Today, when customers are deciding whether or not to do business with you, the easiest place (and probably first place) they’re going to check is online review sites like Yelp and Angie’s List. In fact, if you don’t think your online reputation means anything, look at these findings from the BrightLocal 2013 Local Consumer Review Survey: 79 percent of consumers surveyed say they trust online reviews as much as personal recommendations.
Keeping Up With Company Mentions
So how can you stay on top of what is being said about your business online? First of all, make sure you set up a Google Alert with your name and your business’s name. Google will send an email to your inbox when these keywords appear anywhere on the Web (you can tell Google how often you want the alerts so you aren’t inundated every five minutes). It’s also a good idea to set up a Google alert for your competitors to keep tabs on what’s being said about them.
You can also use an online service like Postling, which not only helps you manage your social media accounts, but also helps you monitor what is being said about your business on social media. And always remember to check any and all review and ratings sites like Yelp and Local.com.
Handling Negative Comments
Try not to get defensive; take time to think about your response before you write. Always answer the critics with facts rather than letting emotion enter the picture. If you respond publicly, you will be judged in the future by your response, so make sure you can stand by it. Offer to make amends and do everything you can to win back the business. If too much damage has already been done and you need a fresh start, consider contacting a company like ReputationDefender, which can move the bad review further down in search results, most likely to a second or third page where few people bother to look.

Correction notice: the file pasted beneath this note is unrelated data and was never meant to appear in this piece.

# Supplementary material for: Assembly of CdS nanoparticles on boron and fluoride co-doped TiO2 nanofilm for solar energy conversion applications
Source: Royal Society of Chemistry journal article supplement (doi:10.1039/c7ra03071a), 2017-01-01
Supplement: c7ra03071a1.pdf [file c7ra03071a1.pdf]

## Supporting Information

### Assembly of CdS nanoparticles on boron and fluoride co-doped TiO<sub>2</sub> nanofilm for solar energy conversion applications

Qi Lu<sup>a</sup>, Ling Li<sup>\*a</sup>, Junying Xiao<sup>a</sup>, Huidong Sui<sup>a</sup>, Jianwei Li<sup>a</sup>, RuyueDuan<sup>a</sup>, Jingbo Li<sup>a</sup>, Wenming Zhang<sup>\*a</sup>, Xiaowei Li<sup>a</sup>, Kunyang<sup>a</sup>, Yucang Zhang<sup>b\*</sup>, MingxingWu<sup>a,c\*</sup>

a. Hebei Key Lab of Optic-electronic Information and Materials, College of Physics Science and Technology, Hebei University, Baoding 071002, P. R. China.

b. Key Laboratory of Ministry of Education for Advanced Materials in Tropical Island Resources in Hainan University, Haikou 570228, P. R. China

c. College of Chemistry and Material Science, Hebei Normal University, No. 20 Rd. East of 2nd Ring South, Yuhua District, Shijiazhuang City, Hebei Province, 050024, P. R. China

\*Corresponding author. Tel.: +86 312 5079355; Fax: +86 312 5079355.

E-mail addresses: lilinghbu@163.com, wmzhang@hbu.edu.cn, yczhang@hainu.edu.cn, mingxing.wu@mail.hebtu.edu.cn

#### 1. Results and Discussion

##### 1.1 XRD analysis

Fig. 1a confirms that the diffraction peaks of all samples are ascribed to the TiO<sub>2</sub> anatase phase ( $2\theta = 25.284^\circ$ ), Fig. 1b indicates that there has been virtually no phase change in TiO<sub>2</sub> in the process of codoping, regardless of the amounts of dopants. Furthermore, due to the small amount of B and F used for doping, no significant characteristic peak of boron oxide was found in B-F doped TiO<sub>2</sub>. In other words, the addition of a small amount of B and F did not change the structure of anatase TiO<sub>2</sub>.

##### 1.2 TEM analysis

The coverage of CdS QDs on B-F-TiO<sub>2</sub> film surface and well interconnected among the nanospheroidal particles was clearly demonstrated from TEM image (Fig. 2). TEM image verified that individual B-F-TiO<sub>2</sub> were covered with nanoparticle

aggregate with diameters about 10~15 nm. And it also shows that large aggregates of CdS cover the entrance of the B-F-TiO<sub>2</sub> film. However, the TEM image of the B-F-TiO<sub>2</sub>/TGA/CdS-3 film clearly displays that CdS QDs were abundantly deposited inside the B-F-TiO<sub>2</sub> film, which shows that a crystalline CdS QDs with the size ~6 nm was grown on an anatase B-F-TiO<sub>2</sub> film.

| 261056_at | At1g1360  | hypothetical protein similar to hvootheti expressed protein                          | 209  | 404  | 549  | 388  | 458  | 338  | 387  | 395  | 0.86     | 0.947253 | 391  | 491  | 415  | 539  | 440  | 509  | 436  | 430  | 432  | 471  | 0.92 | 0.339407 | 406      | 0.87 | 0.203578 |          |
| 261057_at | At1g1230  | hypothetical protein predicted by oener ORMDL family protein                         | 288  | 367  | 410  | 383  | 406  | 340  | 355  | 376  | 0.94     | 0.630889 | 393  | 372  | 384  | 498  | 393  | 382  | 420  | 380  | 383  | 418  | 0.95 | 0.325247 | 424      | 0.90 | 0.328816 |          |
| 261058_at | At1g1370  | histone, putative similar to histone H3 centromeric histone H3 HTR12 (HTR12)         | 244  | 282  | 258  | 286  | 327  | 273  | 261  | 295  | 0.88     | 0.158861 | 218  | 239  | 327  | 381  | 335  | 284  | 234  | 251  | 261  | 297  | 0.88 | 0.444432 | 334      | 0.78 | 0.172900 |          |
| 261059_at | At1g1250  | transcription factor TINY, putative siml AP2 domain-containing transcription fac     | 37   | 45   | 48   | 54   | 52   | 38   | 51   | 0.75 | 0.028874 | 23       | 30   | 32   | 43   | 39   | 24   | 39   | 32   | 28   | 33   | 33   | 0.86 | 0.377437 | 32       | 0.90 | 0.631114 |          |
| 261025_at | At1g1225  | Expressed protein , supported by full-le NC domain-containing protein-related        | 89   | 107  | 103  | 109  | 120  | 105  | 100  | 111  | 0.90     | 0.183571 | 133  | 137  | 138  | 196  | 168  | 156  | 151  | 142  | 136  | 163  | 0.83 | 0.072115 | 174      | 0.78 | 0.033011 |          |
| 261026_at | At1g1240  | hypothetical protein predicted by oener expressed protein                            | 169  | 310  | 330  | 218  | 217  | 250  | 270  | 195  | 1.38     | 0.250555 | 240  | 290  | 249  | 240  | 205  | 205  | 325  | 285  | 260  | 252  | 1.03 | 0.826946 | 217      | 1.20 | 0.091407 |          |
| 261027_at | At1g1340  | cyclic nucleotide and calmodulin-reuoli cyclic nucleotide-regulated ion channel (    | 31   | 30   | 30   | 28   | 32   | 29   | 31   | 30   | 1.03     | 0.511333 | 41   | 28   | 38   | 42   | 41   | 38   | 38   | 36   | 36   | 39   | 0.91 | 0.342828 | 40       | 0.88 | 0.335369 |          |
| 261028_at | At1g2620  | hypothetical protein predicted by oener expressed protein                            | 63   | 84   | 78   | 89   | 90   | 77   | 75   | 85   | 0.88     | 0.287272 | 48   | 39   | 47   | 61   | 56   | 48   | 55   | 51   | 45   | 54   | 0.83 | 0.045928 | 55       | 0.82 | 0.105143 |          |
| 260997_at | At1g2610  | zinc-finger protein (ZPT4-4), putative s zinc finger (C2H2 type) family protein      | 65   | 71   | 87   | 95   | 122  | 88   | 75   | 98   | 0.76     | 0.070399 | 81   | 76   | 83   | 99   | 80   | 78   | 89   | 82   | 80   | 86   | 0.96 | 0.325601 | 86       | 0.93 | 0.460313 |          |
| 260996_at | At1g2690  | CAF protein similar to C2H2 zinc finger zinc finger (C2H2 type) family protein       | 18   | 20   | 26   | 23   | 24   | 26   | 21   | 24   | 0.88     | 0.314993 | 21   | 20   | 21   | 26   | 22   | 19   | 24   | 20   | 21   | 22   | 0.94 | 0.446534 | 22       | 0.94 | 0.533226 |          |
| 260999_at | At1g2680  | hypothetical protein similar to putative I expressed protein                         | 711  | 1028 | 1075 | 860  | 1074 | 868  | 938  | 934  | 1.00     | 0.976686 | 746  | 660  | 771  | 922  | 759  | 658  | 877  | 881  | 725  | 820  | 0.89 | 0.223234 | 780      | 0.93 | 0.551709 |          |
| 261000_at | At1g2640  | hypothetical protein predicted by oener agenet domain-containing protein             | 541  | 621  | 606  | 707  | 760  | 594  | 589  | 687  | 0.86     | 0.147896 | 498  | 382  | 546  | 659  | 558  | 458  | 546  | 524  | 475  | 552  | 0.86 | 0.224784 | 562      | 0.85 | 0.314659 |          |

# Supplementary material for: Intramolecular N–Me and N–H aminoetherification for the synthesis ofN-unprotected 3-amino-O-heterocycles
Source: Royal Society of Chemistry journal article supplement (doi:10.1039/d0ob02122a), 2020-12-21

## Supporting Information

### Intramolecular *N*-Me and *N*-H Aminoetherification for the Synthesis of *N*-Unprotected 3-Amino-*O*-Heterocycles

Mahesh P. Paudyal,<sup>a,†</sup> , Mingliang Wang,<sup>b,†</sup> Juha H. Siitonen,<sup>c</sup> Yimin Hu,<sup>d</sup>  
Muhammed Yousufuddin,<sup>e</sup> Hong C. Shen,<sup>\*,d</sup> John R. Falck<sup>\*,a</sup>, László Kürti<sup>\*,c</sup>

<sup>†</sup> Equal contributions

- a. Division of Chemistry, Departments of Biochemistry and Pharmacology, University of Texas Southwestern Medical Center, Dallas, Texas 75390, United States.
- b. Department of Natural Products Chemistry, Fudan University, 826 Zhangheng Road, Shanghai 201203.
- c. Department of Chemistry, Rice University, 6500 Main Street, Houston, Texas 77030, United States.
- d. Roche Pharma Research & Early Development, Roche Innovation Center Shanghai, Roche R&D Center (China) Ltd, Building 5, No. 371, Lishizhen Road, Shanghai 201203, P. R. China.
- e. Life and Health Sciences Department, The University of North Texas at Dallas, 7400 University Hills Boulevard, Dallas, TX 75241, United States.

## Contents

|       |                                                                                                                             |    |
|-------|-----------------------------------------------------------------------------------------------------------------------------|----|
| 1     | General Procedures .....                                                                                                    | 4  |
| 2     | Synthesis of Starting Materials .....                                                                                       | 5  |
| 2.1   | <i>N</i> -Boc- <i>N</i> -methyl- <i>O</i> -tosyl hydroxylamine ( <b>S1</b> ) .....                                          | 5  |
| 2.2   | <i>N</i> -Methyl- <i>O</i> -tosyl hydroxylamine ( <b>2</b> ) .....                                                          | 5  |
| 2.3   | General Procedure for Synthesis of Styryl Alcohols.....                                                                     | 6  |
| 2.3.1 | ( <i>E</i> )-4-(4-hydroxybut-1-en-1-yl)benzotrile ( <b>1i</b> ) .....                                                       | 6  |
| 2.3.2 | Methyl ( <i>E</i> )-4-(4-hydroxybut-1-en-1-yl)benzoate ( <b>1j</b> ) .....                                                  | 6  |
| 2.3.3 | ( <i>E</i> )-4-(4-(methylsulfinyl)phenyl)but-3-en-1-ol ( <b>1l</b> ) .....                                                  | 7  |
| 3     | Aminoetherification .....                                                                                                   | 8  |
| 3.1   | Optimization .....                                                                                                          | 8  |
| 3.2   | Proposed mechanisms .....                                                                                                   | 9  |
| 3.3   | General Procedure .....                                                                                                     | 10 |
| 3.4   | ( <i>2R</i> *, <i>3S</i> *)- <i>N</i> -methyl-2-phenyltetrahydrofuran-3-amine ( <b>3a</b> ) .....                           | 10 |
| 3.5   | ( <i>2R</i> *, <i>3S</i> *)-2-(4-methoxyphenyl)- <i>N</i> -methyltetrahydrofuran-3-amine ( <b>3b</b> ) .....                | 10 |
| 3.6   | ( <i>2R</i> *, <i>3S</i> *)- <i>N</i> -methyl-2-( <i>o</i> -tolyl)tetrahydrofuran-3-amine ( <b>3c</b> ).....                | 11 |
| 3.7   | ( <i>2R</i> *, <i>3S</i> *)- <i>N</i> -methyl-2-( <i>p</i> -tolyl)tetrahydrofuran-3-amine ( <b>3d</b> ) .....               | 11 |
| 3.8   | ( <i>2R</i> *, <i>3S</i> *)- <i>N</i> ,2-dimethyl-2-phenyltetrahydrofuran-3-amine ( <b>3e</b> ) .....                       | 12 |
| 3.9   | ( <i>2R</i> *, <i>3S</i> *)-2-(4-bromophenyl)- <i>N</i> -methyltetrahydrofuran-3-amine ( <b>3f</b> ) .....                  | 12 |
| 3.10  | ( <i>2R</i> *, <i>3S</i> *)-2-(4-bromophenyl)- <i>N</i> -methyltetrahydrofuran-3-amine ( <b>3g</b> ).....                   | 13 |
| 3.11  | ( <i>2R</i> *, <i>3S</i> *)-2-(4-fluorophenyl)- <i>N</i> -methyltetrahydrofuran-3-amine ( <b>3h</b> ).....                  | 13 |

However, the best way to deal with negative reviews is to prevent them before they happen. If someone takes the time to review your business, it usually means either they had a wonderful experience and can’t wait to tell their colleagues and friends, or they had a horrible experience and they want to get back at your business. Always follow up with customers to make sure they were satisfied with their experience and if there is anything else you can do for them.
Last, but not least, make sure your website clearly posts your contact information so clients can quickly get in touch with you about any problems instead of taking their complaints public.